Designed for Good, School Journal, Level 3, 2017
The New Zealand environment has been badly affected by introduced pests such as rats, stoats, and possums. Designed for Good follows the process of developing an effective and humane trap to reduce these pest populations. 

Sea Science: Connected 2019 Level 2 – Wild Discoveries
This article describes a citizen science project carried out by three schools on Aotea Great Barrier Island. Concerned by the amount of marine debris washing up on their beaches, the students partnered with scientists from the University of Auckland to investigate what was happening and to take action to bring about change.

Kaupapa Kerurū, School Journal Level 3, June 2012
Although the kererū is a fairly common bird, its numbers are actually declining. The article describes an initiative by Ngāi Tahu that is helping the threatened kererū population on Banks Peninsula. 

Our Gifted Garden by Bernadette Wilson, Junior Journal 49, Level 2, 2014
This article recounts how students from Raumati South School, an Enviroschool, entered an environmentally sustainable garden in the Ellerslie International Flower Show in Christchurch and won two prizes!

Hoiho, Junior Journal 24, Level 2, January 2011 

Hoiho (a yellow-eyed penguin) is being pursued by a seal, and in this dramatic poem, the writer urges Hoiho to move fast and escape. Neither creature can move as well on land as they can in the water, and the descriptive, dramatic language, with frequent repetition of similar sounds, conveys a vivid image of the desperate “Wibble wobble, flip flop” pursuit. This example of a native bird in danger provides a thematic link to “Catching Mustelids” in the same Journal. 

Catching Mustelids, Junior Journal 43, Level 2, 2011

This report, told from the perspective of a young girl, describes how and why her grandad catches mustelids (ferrets, stoats, and weasels). The theme of predators continues in the poem “ Hoiho” in the same Journal, providing an opportunity for students to integrate ideas from both texts. A third text in this Journal, “A New Home for Mokomoko”, continues the theme of protection of native wildlife.

Useful resources

Conservation Week
The official Department of Conservation website for Conservation Week offers information, resources, and Conservation Week events to support your involvement.

Education for sustainability
This resource helps teachers to engage students in learning about sustainability and to encourage them to act sustainably and contribute to New Zealand’s well-being. It makes connections between the learning areas, vision, principles, values, and key competencies of The New Zealand Curriculum and Te Marautanga o Aotearoa.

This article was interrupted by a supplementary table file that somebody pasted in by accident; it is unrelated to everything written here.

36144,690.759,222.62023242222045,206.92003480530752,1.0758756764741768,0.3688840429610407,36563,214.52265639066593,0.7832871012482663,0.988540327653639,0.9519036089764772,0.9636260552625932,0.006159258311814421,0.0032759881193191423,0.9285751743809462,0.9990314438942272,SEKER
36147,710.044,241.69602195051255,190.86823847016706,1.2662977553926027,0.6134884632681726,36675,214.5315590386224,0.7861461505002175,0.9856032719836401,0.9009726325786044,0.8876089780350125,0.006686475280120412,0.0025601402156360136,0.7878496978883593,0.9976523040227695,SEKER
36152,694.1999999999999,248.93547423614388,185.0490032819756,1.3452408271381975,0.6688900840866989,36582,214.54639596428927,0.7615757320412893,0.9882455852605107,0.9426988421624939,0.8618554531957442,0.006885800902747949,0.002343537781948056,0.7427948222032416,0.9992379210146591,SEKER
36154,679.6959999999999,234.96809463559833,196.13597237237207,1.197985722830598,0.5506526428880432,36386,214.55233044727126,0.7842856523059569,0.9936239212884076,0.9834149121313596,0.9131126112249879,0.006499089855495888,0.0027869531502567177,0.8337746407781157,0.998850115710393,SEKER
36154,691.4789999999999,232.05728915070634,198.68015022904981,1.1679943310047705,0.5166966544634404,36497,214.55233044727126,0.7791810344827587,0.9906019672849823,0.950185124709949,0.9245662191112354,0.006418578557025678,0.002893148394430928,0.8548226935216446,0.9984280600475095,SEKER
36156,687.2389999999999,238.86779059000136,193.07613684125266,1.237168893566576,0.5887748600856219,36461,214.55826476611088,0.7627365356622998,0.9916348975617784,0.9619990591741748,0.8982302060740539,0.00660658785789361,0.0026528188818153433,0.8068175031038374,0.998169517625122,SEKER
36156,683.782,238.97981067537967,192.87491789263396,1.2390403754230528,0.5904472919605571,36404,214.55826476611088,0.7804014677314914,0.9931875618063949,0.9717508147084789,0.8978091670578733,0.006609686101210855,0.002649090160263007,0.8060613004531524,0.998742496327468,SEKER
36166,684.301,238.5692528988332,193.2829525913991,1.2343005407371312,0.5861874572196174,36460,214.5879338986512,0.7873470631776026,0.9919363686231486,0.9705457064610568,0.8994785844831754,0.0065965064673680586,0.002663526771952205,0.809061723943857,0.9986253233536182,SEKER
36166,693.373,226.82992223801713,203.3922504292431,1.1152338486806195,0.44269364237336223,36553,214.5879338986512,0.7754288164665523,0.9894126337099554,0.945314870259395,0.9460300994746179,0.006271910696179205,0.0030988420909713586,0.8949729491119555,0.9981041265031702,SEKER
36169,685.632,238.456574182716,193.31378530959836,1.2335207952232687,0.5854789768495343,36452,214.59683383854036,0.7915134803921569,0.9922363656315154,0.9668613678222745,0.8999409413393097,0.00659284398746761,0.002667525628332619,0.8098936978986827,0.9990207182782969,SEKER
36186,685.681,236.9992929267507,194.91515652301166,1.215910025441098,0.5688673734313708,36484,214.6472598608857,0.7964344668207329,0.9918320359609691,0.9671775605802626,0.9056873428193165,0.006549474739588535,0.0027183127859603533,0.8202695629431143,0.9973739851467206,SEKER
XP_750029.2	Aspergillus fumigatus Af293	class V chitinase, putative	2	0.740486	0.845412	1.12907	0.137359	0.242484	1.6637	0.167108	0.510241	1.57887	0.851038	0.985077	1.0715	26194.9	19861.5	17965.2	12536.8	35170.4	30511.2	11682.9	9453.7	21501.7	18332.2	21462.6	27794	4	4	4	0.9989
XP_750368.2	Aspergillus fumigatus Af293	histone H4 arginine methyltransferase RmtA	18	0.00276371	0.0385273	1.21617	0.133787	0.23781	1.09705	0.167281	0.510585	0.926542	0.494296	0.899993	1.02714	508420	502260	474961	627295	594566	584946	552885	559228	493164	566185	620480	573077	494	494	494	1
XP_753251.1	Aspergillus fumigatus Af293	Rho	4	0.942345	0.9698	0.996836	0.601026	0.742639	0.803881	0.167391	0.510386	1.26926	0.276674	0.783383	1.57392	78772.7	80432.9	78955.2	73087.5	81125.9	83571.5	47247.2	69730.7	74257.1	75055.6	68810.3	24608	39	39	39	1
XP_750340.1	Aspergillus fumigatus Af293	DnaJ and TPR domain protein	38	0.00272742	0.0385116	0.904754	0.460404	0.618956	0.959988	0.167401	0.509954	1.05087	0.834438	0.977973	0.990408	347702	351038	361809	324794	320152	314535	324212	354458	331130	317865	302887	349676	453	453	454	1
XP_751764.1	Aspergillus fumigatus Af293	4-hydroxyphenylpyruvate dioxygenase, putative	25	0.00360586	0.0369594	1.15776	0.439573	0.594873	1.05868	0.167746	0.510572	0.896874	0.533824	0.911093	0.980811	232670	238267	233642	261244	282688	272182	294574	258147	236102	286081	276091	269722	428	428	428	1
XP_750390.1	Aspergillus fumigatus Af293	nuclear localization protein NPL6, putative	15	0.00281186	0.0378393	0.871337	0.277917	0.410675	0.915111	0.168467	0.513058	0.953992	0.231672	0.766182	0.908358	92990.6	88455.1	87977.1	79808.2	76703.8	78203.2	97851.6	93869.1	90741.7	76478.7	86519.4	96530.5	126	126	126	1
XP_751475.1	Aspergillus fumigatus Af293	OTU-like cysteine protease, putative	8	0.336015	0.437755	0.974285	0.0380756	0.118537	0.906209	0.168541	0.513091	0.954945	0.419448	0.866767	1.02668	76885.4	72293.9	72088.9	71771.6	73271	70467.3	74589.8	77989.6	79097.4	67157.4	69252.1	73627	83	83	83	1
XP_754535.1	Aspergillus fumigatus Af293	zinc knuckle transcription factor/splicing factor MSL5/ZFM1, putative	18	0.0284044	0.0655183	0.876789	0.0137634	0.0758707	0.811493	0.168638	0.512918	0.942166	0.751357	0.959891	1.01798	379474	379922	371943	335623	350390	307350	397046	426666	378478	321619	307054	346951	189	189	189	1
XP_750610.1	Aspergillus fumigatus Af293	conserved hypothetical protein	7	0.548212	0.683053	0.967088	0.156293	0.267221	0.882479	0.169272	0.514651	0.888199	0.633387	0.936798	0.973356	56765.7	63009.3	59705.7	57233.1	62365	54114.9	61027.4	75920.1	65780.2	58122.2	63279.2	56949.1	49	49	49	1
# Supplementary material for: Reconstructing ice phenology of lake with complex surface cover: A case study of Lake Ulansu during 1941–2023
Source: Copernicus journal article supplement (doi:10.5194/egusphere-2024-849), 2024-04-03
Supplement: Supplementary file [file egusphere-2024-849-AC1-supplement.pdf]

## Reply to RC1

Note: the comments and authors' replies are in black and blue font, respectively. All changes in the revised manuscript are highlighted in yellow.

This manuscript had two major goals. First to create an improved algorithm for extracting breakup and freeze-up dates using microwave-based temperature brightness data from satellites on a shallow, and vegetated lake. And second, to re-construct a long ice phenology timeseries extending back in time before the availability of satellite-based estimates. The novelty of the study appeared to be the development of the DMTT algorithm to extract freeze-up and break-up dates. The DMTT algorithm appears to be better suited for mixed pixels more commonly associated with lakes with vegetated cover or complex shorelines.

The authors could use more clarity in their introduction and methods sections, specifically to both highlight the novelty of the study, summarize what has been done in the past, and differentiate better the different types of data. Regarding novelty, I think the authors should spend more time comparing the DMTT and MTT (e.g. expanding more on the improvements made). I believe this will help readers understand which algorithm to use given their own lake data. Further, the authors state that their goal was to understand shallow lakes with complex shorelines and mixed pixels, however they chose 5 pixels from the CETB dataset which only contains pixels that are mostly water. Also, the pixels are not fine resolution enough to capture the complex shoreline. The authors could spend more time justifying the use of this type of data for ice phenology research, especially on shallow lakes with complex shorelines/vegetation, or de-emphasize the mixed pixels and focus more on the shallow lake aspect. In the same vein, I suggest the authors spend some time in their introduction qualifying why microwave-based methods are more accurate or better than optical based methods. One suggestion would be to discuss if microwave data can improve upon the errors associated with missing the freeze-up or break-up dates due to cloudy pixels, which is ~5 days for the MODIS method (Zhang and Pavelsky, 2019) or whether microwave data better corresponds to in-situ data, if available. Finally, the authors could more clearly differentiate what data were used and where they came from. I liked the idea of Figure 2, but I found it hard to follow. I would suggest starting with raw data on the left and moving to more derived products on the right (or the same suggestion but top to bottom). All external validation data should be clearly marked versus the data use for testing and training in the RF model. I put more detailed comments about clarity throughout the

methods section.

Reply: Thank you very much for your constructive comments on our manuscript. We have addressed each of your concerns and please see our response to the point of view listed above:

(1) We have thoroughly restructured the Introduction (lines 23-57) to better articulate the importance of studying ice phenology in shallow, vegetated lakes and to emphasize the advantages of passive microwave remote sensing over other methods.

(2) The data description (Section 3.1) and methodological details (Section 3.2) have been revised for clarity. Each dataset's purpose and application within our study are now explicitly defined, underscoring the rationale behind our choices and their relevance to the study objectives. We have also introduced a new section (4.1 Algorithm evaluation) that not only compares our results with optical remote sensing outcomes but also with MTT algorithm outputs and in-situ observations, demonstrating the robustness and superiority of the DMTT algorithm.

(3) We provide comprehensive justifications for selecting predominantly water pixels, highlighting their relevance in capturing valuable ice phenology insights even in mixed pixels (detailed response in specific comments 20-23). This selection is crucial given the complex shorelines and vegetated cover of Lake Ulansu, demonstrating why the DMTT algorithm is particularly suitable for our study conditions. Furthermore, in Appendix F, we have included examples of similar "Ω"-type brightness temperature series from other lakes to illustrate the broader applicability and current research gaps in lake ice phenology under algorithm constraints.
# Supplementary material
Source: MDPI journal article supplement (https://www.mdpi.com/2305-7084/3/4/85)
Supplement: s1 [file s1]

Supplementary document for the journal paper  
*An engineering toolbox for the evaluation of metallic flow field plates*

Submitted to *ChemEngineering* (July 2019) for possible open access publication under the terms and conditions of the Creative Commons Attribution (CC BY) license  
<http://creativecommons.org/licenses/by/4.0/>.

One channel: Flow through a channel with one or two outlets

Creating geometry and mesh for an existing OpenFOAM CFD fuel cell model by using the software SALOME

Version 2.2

Enviroschools Foundation
The Enviroschools Foundation supports an action-based approach to education through which children and young people plan, design, and implement sustainable projects, and become catalysts for change in their families, whānau, and the wider community.

LEARNZ is a free online programme for students at curriculum levels 2–8, targeting science, geography, social studies, arts and technology. See the site for current virtual field trips and a list of field trips for the coming year. Each field trip website has background resources, student activities, teacher support, and curriculum ideas to prepare students for a 3–4 day interactive experience.

Meet the Locals
This TVNZ series follows different local conservation issues and projects and is available to watch on YouTube.

Understanding kaitiakitanga – Te Ara: The Encyclopedia of New Zealand
This section of Te Ara Encyclopedia of New Zealand has links and information about kaitiakitanga, a way of managing the environment, based on the traditional Māori world view. It explores the concepts of guardianship, protection, preservation, and sheltering. The page can be viewed in English or te reo Māori.

Caring for the environment Te tiaki i te taiao
Te ao kori (the world of movement) is a Māori celebration of life through movement and its many expressions, and is part of the health and physical education learning area. In this series of lesson plans, the natural environment is explored through a Māori perspective, using the framework of te ao kori.

Figure It Out – Sustainability
This Level 3 book from the Figure It Out series uses sustainability as a context for learning in science and mathematics and statistics.

In this primary level unit with an education for enterprise theme, students can explore how human actions can have both a positive and negative impact on the natural environment. They take a "walk and talk" tour in their local community.

School stories 

Find out how schools are designing their curriculum to include connections to sustainability.

Oakura School – Homes for penguins
Oakura Community and the Department of Conservation (DOC) needed some assistance with a penguin project. So they went to the obvious place for help and approached the children at Oakura School.

Menzies College – Localised learning at Mimihau Stream
Year 12 students from Menzies College have been catching and tagging trout in Mimihau Stream, sharing their findings with Fish and Game New Zealand. By gaining a more accurate picture of life in this waterway, students have challenged the assertion that Mimihau Stream is dead.

Updated on: 14 Jan 2022